alteration.
We reported it to the committee of five. It was read, and I do not remember that Franklin or Sherman criticized any thing. We were all in haste. Congress was impatient, and the instrument was reported, as I believe, in Jefferson’s handwriting, as he first drew it. Congress cut off about a quarter of it, as I expected they would; but they obliterated some of the best of it, and left all that was exceptionable, if any thing in it was. 1 have long wondered that the original draught has not been published. I suppose the reason is the vehement philippic against Negro slavery.
As you justly observe, there is not an idea in it but what had been hackneyed in Congress for two years before. The substance of it is contained in the declaration of rights and the violation of those rights in the Journals of Congress, in 1774. Indeed, the essence of it is contained in a pamphlet, voted and printed by the town of Boston, before the first Congress met, composed by James Otis, as I suppose, in one of his lucid intervals, and pruned and polished by Samuel Adams. …”
J.M.
(Disclaimer, almost all of the above text is borrowed and only rearranged. Many other authors have written on the subject. This is just a reminder of this day in Frakford’s History.)
  • To the Frankford Gazette: Thank you for posting the little story on about the Frankfort Advice.

    It is interesting to note that not all scholars agree on what the Frankford Advice actually entailed or where & when it happened.

    It is a fact that on August 31, 1774, the Massachusetts delegation was met by Benjamin Rush, Thomas Mifflin, and two or three other Philadelphia patriots and went to a private place where John Adams was briefed & given instructions by Dr. Benjamin Rush.

    The First Congress finally met on September 5, 1774, at Carpenters’ Hall and it lasted until October 26, 1774.

    On September 22, 1774, while Congress is in session, Abigail Adams writes to John Adams: “I wish most sincerely there was not a Slave in the province. It allways appeard a most iniquitious Scheme to me—fight ourselfs for what we are daily robbing and plundering from those who have as good a right to freedom as we have.”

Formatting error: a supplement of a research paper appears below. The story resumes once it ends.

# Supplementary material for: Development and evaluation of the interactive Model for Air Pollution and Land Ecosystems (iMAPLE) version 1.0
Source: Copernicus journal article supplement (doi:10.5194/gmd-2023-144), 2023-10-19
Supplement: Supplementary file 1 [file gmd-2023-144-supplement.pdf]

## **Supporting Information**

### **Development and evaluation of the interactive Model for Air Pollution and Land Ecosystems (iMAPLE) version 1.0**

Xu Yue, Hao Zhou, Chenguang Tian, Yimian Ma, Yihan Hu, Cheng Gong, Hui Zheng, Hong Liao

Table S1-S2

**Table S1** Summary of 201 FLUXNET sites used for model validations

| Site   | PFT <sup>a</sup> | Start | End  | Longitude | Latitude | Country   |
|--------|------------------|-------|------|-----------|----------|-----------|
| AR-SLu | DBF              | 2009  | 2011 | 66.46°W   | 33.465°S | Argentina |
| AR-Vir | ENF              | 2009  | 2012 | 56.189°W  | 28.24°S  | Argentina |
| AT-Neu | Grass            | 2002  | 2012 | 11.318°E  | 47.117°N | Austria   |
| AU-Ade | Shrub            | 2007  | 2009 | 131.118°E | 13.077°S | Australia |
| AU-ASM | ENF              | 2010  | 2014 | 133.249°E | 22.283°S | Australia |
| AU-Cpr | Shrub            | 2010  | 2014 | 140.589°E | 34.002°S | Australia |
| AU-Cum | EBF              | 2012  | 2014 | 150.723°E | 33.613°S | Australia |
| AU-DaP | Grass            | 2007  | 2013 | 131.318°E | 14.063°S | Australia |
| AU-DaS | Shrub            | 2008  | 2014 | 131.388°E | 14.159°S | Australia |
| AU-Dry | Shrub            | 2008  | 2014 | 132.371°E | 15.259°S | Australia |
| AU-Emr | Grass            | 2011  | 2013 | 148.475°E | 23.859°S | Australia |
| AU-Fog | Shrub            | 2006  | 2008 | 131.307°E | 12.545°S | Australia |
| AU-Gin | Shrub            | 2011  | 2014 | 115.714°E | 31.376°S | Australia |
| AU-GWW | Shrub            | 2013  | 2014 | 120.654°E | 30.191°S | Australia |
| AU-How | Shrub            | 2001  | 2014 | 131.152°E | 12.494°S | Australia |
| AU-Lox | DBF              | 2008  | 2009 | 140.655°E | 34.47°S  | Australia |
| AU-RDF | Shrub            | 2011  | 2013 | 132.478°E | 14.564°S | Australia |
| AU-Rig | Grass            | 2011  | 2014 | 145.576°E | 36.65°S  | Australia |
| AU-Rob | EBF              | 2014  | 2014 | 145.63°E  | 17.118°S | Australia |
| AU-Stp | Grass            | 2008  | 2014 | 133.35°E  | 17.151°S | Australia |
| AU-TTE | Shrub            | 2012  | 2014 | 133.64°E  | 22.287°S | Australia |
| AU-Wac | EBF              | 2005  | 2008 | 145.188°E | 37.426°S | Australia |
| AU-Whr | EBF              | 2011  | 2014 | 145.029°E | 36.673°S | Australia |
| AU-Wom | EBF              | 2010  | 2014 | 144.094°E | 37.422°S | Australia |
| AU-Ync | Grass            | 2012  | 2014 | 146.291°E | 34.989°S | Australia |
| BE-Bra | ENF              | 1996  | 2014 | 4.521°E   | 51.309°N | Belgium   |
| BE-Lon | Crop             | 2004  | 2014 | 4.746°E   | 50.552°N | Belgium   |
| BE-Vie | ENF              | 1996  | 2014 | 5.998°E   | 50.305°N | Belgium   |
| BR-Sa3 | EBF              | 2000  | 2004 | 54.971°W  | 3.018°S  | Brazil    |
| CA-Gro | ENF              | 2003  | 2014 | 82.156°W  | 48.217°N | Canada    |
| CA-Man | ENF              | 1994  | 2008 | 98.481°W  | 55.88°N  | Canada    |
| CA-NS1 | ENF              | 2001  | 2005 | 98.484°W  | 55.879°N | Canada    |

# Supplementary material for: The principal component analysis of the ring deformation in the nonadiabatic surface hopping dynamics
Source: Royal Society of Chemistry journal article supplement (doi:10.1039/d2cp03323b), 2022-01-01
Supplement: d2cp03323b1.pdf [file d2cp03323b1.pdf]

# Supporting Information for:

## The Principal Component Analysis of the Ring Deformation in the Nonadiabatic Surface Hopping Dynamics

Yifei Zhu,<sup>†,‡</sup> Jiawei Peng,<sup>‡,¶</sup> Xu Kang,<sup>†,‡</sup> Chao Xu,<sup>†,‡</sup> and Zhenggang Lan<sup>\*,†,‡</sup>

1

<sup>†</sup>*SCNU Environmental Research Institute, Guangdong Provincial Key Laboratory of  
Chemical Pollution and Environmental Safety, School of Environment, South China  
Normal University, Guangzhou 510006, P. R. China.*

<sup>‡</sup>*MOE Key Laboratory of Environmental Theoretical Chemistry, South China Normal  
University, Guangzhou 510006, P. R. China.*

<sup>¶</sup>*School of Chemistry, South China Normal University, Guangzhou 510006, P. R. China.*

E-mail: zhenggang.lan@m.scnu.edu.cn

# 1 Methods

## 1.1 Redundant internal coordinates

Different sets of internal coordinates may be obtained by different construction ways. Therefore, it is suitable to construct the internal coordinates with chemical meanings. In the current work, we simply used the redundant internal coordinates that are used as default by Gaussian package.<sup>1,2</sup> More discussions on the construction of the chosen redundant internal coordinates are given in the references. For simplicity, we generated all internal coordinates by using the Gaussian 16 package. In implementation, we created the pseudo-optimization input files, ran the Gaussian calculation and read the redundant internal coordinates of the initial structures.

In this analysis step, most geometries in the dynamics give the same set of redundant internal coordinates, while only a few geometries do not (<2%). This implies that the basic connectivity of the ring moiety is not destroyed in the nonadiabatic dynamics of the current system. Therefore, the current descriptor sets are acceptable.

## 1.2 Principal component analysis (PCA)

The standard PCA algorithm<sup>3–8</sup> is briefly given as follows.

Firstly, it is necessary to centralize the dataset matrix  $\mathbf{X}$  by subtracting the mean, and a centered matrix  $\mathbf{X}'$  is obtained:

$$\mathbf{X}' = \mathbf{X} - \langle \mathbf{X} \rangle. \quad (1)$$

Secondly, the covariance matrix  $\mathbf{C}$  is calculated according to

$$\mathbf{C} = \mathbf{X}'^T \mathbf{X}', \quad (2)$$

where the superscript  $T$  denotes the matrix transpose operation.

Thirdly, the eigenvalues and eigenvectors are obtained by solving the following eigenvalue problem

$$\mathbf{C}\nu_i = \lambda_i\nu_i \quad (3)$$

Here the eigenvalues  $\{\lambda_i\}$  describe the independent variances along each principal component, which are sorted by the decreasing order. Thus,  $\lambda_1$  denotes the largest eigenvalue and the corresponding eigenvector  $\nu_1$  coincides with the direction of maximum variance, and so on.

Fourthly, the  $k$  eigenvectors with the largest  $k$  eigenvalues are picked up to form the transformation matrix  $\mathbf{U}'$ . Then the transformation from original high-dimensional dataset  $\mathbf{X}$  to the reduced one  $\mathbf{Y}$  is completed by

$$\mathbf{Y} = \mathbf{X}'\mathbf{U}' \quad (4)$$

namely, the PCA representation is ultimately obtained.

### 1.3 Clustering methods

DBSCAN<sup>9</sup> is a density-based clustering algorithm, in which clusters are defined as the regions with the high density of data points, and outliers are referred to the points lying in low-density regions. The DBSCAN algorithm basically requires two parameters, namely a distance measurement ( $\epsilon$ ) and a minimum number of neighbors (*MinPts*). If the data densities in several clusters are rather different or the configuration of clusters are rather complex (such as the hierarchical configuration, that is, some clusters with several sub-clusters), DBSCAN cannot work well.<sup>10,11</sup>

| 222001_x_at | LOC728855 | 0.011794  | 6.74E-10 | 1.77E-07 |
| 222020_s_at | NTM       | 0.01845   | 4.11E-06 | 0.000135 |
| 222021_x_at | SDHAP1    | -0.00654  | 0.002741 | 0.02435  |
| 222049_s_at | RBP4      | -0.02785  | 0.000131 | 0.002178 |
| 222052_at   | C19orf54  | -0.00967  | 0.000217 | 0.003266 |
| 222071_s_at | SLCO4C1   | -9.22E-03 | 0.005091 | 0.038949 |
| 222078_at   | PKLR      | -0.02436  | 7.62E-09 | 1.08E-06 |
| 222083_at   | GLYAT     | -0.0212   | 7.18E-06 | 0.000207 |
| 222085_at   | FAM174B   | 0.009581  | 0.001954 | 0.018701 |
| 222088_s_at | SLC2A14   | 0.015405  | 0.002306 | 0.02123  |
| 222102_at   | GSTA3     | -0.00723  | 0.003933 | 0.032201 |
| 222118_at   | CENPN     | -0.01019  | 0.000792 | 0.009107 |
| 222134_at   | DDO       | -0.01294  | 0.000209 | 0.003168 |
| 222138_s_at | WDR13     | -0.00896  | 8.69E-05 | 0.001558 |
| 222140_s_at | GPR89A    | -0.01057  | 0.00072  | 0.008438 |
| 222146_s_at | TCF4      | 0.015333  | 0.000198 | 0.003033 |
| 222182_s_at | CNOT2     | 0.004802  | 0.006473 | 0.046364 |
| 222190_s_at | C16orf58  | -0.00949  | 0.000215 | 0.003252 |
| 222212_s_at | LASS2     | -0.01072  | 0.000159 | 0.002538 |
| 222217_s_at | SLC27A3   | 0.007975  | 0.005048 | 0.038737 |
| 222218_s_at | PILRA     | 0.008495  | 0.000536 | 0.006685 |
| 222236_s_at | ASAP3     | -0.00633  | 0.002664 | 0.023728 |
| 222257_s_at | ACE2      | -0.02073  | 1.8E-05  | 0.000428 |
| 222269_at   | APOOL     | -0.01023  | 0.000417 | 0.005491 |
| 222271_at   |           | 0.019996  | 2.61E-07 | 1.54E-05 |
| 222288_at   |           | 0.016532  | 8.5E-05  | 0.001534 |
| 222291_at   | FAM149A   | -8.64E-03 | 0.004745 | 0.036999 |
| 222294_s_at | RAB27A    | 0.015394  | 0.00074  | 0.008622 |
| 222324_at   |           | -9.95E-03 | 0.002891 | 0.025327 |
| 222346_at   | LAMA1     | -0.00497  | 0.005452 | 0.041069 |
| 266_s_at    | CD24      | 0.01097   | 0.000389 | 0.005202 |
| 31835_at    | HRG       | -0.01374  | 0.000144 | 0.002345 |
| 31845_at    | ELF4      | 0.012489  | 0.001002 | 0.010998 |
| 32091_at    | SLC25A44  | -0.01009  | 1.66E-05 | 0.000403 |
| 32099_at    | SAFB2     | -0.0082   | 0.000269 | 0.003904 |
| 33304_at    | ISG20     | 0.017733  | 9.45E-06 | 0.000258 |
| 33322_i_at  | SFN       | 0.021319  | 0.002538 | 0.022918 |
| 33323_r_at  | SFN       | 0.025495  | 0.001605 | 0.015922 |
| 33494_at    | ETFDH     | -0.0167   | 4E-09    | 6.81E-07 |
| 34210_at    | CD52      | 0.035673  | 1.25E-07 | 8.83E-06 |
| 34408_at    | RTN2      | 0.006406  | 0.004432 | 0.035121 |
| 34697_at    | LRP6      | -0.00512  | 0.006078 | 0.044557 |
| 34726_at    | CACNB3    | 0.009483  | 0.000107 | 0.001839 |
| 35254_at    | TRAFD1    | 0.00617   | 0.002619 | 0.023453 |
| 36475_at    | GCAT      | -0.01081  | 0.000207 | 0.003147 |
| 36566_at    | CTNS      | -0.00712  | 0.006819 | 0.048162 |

It is obvious that Mr. & Mrs John & Abigail Adams were overtly against Slavery.

    “Congress cut off about a quarter of it, as I expected they would; but they obliterated some of the best of it, and left all that was exceptionable … I have long wondered that the original draught has not been published. I suppose the reason is the vehement philippic against Negro slavery.”

    The “vehement philippic against negro slavery” that was removed from the First Draught of the Constitution was this:

    “He [being King George the Third] has waged cruel war against human nature itself, violating it’s most sacred rights of life and liberty in the persons of a distant people who never offended him, captivating & carrying them into slavery in another hemisphere, or to incur miserable death in their transportation thither. This piratical warfare, the opprobium of INFIDEL powers, is the warfare of the CHRISTIAN king of Great Britain. Determined to keep open a market where MEN should be bought & sold, he has prostituted his negative for suppressing every legislative attempt to prohibit or to restrain this execrable commerce. And that this assemblage of horrors might want no fact of distinguished die, he is now exciting those very people to rise in arms among us, and to purchase that liberty of which he has deprived them, by murdering the people on whom he also obtruded them: thus paying off former crimes committed against the LIBERTIES of one people, with crimes which he urges them to commit against the LIVES of another.”

    In latter years Jefferson had some disagreement with John Adams account on the Declaration of Independence and so he writes:

    1821. Jan. 6, “At the age of 77, I begin to make some memoranda and state some recollections of dates & facts…” – Jefferson, Autobiography Draft Fragment.

    Aug. 30, 1822, Jefferson to Madison: 
”You have doubtless seen Timothy Pickering’s fourth of July observations on the Declaration of Independence. If his principles and prejudices, personal and political, gave us no reason to doubt whether he had truly quoted the information he alleges to have received from Mr. Adams, I should then say, that in some of the particulars, Mr. Adams’ memory has led him into unquestionable error. At the age of eighty-eight, and forty-seven years after the transactions of Independence, this is not wonderful. Nor should I, at the age of eighty, on the small advantage of that difference only, venture to oppose my memory to his, were it not supported by written notes, taken by myself self at the moment and on the spot. …”

    I disagree with many of the Library of Congress’s interpretations of Jefferson’s writings, & I believe there is a lot more missing from this story on the Frankford Advice.

    Perhaps a local researcher may fall upon the missing information that will explain all the disagreement.

    J.M.

  • Gil

    I would like somebody to explain how Thomas Jefferson, a slave owner, wrote that passage against the king and slavery.

  • skeeter

    Thank you Joe, for the wonderful reminder of Frankford’s rich history. There was always a debate, and could never be proven, as to where they met in Frankford. Most believe it was the long gone Jolly Post that was located on the 4600 blk of Frankford Ave. So much history in the area. We need something positive in Frankford right now . That story reminds me of what a great area it was and could be. Thanks again.

  • Skeeter, thanks for the compliment.

    I did not begin here in Frankford giving a S–t about Frankford, but that was before researching Greenwood Cemetery and Benjamin Rush’s ownership.

    I soon was struck with revelation upon revelation, and soon I was addicted to it’s history.